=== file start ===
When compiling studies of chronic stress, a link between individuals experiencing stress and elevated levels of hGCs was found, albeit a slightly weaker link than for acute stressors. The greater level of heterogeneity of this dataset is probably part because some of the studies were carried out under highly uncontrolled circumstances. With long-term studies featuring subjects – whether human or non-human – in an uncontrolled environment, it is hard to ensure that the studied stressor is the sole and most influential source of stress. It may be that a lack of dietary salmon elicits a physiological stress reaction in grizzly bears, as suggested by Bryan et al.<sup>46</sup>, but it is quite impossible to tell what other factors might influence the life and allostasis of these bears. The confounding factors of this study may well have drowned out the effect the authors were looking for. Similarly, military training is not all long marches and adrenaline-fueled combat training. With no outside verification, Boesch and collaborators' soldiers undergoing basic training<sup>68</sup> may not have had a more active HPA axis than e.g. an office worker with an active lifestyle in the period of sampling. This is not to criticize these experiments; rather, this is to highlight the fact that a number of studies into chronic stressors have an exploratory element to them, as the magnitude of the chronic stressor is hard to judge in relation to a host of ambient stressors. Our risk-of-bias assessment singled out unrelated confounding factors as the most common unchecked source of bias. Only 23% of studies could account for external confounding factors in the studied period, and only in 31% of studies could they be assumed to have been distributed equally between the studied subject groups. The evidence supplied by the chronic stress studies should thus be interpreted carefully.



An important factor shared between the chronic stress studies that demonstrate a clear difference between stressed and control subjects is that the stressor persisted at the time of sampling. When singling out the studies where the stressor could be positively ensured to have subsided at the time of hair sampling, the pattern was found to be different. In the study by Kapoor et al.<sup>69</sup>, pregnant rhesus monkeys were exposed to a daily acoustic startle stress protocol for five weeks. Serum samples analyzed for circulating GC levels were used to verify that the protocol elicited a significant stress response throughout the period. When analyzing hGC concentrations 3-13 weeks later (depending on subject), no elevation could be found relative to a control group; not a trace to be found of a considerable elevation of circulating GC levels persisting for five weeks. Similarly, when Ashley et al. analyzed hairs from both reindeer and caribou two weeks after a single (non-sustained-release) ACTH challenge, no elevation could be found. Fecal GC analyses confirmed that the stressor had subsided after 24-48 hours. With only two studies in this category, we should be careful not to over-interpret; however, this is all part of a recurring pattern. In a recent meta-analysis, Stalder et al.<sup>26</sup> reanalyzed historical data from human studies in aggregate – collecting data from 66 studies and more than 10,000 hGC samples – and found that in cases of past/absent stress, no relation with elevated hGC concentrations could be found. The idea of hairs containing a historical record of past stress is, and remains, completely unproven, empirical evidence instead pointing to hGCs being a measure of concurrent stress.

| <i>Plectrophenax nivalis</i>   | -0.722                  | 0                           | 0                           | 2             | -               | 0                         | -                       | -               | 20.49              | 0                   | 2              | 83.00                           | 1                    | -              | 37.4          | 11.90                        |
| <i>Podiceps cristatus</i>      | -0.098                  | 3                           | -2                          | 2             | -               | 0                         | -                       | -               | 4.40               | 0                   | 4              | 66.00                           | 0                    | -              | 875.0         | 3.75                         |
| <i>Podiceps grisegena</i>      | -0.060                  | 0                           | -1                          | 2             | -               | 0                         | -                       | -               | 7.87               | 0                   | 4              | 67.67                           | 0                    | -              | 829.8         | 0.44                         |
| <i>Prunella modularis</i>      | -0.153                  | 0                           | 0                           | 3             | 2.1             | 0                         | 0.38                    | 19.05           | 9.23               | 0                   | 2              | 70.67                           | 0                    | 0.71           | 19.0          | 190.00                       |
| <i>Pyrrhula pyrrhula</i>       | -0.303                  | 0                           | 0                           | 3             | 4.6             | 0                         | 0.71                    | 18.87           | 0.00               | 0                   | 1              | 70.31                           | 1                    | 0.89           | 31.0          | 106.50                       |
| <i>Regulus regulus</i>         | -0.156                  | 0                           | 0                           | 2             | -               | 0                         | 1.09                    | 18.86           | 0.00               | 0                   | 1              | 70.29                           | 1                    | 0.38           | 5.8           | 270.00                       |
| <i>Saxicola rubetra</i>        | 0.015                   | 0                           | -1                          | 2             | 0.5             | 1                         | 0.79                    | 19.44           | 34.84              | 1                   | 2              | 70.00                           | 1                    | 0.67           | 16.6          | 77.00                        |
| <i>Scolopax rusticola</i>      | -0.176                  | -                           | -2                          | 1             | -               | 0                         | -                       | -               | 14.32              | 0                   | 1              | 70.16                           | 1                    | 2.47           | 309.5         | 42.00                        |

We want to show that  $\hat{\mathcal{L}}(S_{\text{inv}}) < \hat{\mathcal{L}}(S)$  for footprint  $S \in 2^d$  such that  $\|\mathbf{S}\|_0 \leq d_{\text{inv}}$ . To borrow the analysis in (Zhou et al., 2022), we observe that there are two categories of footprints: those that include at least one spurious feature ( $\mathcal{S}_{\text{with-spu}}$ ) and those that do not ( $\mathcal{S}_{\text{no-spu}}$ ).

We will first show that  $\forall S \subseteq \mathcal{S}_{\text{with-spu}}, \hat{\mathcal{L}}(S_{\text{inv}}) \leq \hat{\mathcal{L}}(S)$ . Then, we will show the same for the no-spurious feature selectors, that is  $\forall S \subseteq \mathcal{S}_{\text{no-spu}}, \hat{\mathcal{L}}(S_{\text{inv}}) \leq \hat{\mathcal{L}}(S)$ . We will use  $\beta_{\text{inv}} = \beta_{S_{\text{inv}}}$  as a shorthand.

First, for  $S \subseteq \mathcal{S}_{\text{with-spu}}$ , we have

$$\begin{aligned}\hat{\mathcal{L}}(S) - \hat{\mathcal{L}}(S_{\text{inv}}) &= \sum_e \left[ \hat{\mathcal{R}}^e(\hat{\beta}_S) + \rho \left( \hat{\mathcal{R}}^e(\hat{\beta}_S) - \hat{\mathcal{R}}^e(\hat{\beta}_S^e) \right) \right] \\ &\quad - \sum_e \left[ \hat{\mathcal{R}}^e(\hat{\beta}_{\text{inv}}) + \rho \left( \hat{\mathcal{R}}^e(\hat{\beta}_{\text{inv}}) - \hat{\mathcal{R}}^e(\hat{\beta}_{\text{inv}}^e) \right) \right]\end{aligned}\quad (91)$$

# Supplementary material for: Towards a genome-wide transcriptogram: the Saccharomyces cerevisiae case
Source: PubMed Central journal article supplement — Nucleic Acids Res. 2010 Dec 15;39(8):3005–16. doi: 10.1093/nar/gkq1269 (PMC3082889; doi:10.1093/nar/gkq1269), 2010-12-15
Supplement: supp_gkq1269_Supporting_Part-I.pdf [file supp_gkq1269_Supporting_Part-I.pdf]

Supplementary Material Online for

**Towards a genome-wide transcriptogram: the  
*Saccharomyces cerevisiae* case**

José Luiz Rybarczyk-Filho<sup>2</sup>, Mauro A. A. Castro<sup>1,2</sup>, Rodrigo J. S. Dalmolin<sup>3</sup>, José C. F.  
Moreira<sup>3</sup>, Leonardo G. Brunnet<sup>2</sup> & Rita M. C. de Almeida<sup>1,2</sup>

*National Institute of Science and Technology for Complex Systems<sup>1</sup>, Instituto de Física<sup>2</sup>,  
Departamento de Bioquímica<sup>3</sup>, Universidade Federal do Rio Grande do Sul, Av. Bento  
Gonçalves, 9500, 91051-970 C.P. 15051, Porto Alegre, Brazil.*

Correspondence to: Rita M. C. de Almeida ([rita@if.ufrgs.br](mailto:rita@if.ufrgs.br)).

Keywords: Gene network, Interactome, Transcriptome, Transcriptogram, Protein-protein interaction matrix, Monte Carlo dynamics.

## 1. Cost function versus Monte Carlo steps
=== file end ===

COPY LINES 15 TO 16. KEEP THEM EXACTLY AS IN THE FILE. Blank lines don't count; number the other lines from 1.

# Supplementary material for: Towards a genome-wide transcriptogram: the Saccharomyces cerevisiae case
Source: PubMed Central journal article supplement — Nucleic Acids Res. 2010 Dec 15;39(8):3005–16. doi: 10.1093/nar/gkq1269 (PMC3082889; doi:10.1093/nar/gkq1269), 2010-12-15